Dahlia Lithwick in Slate explains:
Does anyone else out there find it strange that the media is treating Elizabeth Vargas' demotion as ABC's nightly news anchor as a complex triple tragedy of tanking ratings, job loss, and pregnancy?
Here is the Washington Post, describing the replacement of a "pregnant woman with an older, more experienced man." Here is the New York Times describing Vargas feeling " 'an enormous amount of sadness' that a job to which she had aspired for sometime had slipped from her grasp." Everywhere, Vargas' pregnancy, her second, is linked to the end of her career.
But—and here's where the story gets sort of interesting—everyone is spectacularly and explicitly clear that Vargas was not forced from behind the anchor's desk; she asked for it: She explains that it's been a "difficult pregnancy" and the doctors have ordered her to ramp it down. She is quoted as saying that, "Every woman has the right to make that decision for herself and her family without anybody judging it. … It's just what's right for me now. … I would hesitate to draw any large conclusions about working women or working mothers."
Of course that is just what everyone is racing to do. We are desperate to draw large conclusions about working women and mothers—our bookshelves are groaning under the weight of those broad conclusions and sweeping theories. So why not use Vargas as a litmus test for it all?
Do you have to, Dahlia? If Vargas is a litmus test "for it all" then are we all supposed to be just like Elizabeth Vargas? For otherwise this makes no sense at all.
Yet this is what I constantly find: womanhood as some sort of a homogeneous substance, kneaded and rolled out into billions of identical gingerbread women. Whatever one woman does is somehow a sign of what all other women will do. Or rather, whatever one woman fails to do somehow proves the failings of all women. We don't treat men like this.
I don't actually think that Dahlia meant the Vargas case to be taken that way, but I wanted to put in all that gingerbread stuff. What she may have meant by the reference to a litmus test is exactly what I despaired over in the previous paragraph: the idea that all women are somehow part of the same homogeneous woman-substance and that one can stand for all in every way.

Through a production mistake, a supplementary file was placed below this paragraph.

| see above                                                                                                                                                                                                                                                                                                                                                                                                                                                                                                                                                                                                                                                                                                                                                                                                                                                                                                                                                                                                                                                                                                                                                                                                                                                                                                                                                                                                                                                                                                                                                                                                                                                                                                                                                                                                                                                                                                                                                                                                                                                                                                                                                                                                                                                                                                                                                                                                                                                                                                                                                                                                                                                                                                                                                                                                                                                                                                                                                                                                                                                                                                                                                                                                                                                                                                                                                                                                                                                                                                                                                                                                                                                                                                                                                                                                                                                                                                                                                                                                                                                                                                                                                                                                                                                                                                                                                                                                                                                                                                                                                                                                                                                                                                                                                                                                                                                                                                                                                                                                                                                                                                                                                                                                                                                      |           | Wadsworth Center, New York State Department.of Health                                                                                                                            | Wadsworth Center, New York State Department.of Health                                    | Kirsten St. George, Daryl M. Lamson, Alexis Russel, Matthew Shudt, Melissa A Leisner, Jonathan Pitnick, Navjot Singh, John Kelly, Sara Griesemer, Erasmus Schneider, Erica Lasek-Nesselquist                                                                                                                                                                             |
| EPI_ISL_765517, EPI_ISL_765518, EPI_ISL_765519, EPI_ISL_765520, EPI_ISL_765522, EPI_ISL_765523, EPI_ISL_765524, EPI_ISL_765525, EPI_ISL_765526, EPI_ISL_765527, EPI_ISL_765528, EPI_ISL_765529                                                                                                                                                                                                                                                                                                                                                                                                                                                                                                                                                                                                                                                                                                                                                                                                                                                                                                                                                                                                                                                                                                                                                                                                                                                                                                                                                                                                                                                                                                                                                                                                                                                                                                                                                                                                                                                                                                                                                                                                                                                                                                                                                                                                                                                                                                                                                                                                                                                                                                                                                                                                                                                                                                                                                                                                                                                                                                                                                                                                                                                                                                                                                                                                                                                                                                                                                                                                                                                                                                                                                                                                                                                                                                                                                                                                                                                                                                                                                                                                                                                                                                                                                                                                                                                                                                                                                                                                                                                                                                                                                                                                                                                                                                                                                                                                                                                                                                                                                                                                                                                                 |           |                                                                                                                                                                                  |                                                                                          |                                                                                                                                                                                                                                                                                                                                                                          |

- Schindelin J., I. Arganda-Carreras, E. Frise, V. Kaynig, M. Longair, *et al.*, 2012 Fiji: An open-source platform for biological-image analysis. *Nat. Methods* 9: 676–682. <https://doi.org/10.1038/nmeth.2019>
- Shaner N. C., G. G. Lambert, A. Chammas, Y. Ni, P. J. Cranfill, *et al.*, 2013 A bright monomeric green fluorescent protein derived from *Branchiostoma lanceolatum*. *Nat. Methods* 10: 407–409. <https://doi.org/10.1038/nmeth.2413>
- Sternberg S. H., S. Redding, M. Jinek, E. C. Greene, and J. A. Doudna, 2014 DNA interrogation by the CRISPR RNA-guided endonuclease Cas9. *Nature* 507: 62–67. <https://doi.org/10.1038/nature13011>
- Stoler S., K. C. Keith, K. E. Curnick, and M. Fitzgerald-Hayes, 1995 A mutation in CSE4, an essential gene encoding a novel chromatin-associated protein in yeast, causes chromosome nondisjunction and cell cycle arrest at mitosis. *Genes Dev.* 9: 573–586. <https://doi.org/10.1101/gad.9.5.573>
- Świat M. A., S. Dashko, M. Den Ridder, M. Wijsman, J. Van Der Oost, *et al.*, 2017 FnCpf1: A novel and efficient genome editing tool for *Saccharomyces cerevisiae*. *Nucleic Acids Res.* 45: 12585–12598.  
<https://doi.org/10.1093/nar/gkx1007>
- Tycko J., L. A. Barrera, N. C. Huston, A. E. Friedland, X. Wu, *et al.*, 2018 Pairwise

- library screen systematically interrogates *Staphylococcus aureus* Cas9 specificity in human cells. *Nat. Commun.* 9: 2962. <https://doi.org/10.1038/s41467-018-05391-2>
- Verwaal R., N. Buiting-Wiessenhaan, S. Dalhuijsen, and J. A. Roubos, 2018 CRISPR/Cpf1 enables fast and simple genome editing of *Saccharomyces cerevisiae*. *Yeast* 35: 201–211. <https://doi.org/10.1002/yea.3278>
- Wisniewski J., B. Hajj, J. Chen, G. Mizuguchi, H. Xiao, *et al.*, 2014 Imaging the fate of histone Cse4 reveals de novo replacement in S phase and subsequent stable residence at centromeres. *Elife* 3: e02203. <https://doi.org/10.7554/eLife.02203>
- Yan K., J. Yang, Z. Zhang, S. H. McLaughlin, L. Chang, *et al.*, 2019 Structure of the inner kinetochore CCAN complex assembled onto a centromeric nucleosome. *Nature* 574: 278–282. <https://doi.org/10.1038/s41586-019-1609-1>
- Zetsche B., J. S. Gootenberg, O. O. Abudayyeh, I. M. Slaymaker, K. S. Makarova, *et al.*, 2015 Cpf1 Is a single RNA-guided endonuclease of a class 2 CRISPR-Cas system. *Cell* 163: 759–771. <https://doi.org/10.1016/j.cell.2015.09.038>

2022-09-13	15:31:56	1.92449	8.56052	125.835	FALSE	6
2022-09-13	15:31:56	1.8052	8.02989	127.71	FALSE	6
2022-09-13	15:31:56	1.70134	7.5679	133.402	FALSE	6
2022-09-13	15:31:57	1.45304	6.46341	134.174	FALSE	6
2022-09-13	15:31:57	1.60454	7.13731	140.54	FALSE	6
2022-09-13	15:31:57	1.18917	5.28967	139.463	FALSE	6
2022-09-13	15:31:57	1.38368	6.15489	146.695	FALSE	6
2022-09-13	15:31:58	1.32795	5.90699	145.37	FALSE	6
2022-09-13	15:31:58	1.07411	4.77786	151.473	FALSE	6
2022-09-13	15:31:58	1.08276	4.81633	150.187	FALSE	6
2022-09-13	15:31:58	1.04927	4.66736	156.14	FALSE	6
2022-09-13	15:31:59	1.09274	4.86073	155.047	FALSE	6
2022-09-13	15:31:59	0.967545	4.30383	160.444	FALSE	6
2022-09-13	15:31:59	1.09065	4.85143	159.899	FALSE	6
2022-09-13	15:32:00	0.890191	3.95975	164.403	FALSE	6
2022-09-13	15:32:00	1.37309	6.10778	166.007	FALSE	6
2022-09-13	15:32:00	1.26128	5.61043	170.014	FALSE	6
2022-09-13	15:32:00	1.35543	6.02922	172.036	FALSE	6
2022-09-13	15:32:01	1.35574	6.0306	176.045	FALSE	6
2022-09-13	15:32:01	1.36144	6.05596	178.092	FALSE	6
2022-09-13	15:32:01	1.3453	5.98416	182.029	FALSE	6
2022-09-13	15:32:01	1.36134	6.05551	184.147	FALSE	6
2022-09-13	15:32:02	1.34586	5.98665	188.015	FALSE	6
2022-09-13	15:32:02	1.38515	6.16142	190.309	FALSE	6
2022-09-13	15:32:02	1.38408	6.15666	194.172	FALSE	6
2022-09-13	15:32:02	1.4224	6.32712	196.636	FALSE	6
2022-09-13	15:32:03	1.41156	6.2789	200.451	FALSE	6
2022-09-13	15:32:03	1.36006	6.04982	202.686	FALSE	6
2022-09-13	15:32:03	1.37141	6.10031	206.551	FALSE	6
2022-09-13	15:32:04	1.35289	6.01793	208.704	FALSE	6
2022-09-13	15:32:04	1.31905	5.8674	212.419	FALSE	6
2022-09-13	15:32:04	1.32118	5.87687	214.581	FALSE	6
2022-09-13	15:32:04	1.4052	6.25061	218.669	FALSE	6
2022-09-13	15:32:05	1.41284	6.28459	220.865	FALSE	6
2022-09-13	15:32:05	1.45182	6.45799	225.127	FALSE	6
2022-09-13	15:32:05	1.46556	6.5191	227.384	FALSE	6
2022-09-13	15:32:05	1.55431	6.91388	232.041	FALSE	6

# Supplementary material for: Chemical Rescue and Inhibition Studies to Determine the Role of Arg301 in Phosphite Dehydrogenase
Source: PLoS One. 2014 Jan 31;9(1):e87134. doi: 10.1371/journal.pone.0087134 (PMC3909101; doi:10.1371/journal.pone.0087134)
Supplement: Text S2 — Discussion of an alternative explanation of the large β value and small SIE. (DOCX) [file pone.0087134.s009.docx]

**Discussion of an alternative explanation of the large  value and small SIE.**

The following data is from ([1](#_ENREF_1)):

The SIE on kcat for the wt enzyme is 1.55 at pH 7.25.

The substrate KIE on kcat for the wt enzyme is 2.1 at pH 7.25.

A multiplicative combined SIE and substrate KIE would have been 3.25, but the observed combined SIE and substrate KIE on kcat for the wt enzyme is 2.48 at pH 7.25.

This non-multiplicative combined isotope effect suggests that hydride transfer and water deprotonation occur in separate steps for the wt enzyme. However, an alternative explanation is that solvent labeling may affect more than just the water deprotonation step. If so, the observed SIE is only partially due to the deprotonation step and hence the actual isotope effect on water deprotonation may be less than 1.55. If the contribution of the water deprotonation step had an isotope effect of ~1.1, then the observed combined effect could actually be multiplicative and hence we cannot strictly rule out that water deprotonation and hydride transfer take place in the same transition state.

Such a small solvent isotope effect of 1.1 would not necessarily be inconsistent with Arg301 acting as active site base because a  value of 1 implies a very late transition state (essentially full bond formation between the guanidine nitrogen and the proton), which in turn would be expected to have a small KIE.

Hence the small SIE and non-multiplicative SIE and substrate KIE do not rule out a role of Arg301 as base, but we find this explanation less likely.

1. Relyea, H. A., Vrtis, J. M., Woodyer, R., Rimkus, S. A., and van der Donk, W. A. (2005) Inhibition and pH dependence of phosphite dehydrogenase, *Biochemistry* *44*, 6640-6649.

It's not too farfetched to suggest that Vargas may make different decisions about her career than other women would were they in the same place. On the other hand, Lithwick may have a point if the Vargas demotion is not really a voluntary one but a carefully staged move by the employer who doesn't care for the idea of any pregnant woman as the sole anchor of a serious news program:
Most of the news accounts go to great pains to explain that in fact all this is about bigger things than Vargas' belly: ABC recently slipped into third place in the evening news ratings; the experiment with Vargas and her co-host, Bob Woodruff, as the younger, hipper anchors failed when Woodruff was injured in Iraq and Vargas was left to carry the show all alone; the networks are all bracing for the September descent of Katie Couric at CBS. All plausible. And yet every account also mentions Vargas' looming pregnancy. If this was just a business decision, why cloud it with a great big dogfight about breeding women in the media?
"Why cloud it with a great big dogfight about breeding women in the media?" Because a business decision which consists of demoting a pregnant woman while keeping her injured cohost's seat open indefinitely might not go down with some of the show's audience. It's much nicer if Vargas demotes herself for all the family values.
I called this post "the curious case" because only those negotiating over the deal know what really happened. Was Vargas demoted or did she ask to be demoted? We don't know. But what we do know is that she is going to be replaced by an older man who will not get pregnant any time soon.